He is 43 and basically stopped functioning 20 years ago when his sister went missing. He has amassed an enormous weight (280 pounds - which gives him a BMI of 39 on a scale where 30 is obese) and works in quality control, ensuring that the arms of toy soldiers have been put on in the correct place - a far cry from the Vietnam war hero he was. As a young man, he would ride is Raleigh bicycle and run a lot, with plenty of warnings from his sister Bethany that if he ever stopped running, he'd become fat and worthless - pretty much where he has ended up. He is like his childhood pet, Malzone, who had to be fixed to prevent him from chasing after girl dogs - the vet says "He'll have a memory of running or something, and after a while he'll forget about the girl dogs and be fat and happy" except that Ide is not happy. Bethany's disappearance seems to have had the same effect on him as on Malzone: apart from three times in Vietnam where he paid for sex (before the respective women fled in horror, according to him) he has had nothing to do with women at all. The one woman he did ask out "laughed so hard her coffee came out her nose".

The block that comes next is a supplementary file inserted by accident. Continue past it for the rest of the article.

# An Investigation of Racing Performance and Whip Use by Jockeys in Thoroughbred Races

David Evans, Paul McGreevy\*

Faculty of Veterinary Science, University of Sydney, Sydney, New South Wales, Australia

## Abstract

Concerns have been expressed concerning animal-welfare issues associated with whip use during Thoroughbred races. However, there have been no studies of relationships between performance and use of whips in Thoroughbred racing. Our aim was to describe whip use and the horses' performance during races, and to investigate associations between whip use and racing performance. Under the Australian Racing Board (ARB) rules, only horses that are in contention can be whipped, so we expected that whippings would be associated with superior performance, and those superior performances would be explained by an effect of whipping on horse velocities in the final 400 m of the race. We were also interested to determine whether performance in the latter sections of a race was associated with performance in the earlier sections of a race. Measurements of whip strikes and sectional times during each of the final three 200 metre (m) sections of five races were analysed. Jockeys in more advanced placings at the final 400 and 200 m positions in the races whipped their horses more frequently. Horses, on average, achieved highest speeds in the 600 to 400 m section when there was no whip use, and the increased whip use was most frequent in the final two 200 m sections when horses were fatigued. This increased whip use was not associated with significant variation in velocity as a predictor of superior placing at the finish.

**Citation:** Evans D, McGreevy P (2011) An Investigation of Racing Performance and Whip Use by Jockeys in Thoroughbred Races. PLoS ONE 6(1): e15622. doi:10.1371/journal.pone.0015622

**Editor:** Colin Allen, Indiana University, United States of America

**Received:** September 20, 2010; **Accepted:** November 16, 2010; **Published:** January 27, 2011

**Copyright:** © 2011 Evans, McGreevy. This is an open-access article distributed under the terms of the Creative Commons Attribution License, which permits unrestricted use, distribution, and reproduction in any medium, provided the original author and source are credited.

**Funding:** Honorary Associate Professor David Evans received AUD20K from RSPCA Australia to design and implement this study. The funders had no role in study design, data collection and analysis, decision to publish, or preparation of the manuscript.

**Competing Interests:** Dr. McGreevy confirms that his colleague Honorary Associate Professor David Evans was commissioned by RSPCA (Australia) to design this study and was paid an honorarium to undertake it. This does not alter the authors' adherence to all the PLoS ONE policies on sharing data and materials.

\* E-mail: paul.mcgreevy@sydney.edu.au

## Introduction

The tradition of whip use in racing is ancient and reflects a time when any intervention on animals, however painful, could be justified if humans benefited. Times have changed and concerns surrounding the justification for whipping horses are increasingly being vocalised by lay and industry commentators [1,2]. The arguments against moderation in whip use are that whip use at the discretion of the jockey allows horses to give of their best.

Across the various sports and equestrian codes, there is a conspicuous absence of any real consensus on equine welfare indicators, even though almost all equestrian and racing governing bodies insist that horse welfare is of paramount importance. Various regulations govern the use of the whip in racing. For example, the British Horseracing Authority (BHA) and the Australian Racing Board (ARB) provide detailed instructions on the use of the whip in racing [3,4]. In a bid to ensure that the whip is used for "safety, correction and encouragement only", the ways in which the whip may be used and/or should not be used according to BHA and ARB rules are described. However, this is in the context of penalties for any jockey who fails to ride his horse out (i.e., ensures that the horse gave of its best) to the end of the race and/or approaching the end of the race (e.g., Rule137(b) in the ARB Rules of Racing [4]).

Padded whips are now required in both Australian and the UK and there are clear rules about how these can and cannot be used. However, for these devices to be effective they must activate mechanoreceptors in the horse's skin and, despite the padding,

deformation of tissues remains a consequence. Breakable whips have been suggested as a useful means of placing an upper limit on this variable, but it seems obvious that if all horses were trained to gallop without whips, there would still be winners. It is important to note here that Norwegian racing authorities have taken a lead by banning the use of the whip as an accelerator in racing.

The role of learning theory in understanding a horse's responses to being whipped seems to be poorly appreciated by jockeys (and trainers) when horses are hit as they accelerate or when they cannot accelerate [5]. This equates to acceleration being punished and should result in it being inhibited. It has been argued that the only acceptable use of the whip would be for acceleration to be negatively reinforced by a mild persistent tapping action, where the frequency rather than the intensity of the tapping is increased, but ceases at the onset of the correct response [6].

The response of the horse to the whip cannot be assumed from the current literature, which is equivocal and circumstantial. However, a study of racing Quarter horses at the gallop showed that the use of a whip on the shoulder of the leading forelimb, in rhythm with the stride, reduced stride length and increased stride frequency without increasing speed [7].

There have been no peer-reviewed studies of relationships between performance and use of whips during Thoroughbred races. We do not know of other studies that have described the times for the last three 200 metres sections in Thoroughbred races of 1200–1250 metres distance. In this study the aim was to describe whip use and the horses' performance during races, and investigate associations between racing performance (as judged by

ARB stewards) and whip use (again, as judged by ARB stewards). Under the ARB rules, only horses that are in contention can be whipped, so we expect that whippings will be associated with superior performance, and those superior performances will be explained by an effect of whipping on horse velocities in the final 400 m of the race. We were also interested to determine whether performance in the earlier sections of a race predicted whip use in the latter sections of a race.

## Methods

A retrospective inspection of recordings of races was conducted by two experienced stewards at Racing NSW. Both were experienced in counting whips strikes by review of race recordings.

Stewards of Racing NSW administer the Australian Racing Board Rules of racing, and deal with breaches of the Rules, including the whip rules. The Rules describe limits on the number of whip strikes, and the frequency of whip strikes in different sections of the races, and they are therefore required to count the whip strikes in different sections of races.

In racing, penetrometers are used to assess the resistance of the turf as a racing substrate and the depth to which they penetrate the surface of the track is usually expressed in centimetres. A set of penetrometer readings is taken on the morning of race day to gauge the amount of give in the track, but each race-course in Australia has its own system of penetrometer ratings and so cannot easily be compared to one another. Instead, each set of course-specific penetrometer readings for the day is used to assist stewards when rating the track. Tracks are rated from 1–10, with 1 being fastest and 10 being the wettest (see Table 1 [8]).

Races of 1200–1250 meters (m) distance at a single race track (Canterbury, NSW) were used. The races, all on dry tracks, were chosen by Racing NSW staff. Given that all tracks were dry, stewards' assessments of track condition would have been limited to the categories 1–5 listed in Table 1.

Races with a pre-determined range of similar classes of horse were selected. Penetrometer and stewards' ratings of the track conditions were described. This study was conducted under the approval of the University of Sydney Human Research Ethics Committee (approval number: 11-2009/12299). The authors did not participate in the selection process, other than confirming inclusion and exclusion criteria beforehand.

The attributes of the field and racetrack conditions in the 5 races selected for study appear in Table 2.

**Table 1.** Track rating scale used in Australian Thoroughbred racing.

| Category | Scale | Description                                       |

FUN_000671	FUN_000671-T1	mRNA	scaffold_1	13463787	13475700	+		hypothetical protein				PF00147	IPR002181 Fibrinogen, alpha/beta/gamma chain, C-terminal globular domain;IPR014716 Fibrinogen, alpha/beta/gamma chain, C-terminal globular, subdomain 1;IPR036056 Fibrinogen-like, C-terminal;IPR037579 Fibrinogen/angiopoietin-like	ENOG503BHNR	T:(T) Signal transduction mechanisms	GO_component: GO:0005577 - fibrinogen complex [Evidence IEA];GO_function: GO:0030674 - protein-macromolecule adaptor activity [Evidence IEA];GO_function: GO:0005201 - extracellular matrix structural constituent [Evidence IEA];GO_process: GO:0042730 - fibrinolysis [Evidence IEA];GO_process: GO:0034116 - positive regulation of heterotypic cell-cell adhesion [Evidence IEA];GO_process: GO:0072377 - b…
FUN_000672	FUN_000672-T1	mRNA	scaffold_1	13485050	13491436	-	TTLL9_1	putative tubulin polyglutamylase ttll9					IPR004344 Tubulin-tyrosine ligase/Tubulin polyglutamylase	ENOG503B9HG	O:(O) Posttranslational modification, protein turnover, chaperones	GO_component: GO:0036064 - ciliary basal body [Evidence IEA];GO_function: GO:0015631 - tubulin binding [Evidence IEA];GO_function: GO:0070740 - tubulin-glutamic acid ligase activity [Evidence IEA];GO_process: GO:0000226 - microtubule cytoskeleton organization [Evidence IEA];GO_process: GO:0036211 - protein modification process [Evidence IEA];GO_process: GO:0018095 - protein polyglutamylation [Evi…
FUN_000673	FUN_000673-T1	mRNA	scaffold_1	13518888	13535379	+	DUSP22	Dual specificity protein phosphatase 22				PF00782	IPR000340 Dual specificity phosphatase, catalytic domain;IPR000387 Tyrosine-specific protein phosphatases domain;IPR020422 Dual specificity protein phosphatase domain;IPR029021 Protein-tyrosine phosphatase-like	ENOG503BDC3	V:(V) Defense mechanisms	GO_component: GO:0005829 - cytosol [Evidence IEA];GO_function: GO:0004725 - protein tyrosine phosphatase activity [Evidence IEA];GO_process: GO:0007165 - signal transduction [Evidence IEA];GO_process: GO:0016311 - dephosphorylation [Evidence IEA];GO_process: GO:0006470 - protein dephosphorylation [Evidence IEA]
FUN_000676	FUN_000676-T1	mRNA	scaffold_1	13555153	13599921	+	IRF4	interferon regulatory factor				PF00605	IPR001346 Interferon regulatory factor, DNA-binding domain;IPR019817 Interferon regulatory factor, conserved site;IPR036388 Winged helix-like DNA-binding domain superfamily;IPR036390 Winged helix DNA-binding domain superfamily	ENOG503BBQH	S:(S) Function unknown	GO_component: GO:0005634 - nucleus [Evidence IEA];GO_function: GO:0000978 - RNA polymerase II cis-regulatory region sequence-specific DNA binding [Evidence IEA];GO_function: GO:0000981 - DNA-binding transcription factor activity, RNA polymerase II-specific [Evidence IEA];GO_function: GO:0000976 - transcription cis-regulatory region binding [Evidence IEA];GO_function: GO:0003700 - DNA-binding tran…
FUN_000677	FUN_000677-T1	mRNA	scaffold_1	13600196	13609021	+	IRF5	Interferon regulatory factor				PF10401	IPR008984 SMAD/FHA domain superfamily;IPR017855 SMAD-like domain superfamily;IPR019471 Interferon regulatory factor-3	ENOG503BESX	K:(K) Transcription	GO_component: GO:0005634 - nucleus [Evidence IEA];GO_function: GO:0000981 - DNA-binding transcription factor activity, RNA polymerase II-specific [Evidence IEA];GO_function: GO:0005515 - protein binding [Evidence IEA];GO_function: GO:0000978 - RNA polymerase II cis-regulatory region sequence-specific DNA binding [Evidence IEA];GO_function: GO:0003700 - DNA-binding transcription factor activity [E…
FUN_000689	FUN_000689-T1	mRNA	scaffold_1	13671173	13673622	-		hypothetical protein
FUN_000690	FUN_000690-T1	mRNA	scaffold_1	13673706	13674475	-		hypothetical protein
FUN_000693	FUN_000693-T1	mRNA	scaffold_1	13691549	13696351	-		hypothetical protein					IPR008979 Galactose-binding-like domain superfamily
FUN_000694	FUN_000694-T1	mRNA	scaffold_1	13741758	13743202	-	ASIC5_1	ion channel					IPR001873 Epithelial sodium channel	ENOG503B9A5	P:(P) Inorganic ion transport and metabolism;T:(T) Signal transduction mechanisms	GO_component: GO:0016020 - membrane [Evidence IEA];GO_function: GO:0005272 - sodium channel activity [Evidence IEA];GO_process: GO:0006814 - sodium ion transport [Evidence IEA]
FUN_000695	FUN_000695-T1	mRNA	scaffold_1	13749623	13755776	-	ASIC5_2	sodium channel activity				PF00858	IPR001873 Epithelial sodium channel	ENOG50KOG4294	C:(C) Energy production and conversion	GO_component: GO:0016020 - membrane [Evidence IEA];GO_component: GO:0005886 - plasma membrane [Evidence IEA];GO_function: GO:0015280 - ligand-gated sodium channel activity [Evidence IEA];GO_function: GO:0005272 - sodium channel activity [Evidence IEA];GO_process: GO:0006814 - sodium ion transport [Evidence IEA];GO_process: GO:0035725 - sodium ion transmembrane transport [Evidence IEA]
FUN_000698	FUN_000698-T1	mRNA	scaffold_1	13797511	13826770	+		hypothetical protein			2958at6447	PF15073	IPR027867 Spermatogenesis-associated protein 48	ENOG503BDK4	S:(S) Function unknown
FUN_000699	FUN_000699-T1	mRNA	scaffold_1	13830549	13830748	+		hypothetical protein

The novel starts with triple bad news for Ide: his father and mother are in a car accident and die in seperate hospitals, then he gets a letter to say that his long-missing sister, Bethany, has finally turned up: in a Californian morgue. He's in a bit of a daze, finds himself at his parents' house, where he notices his old Raleigh: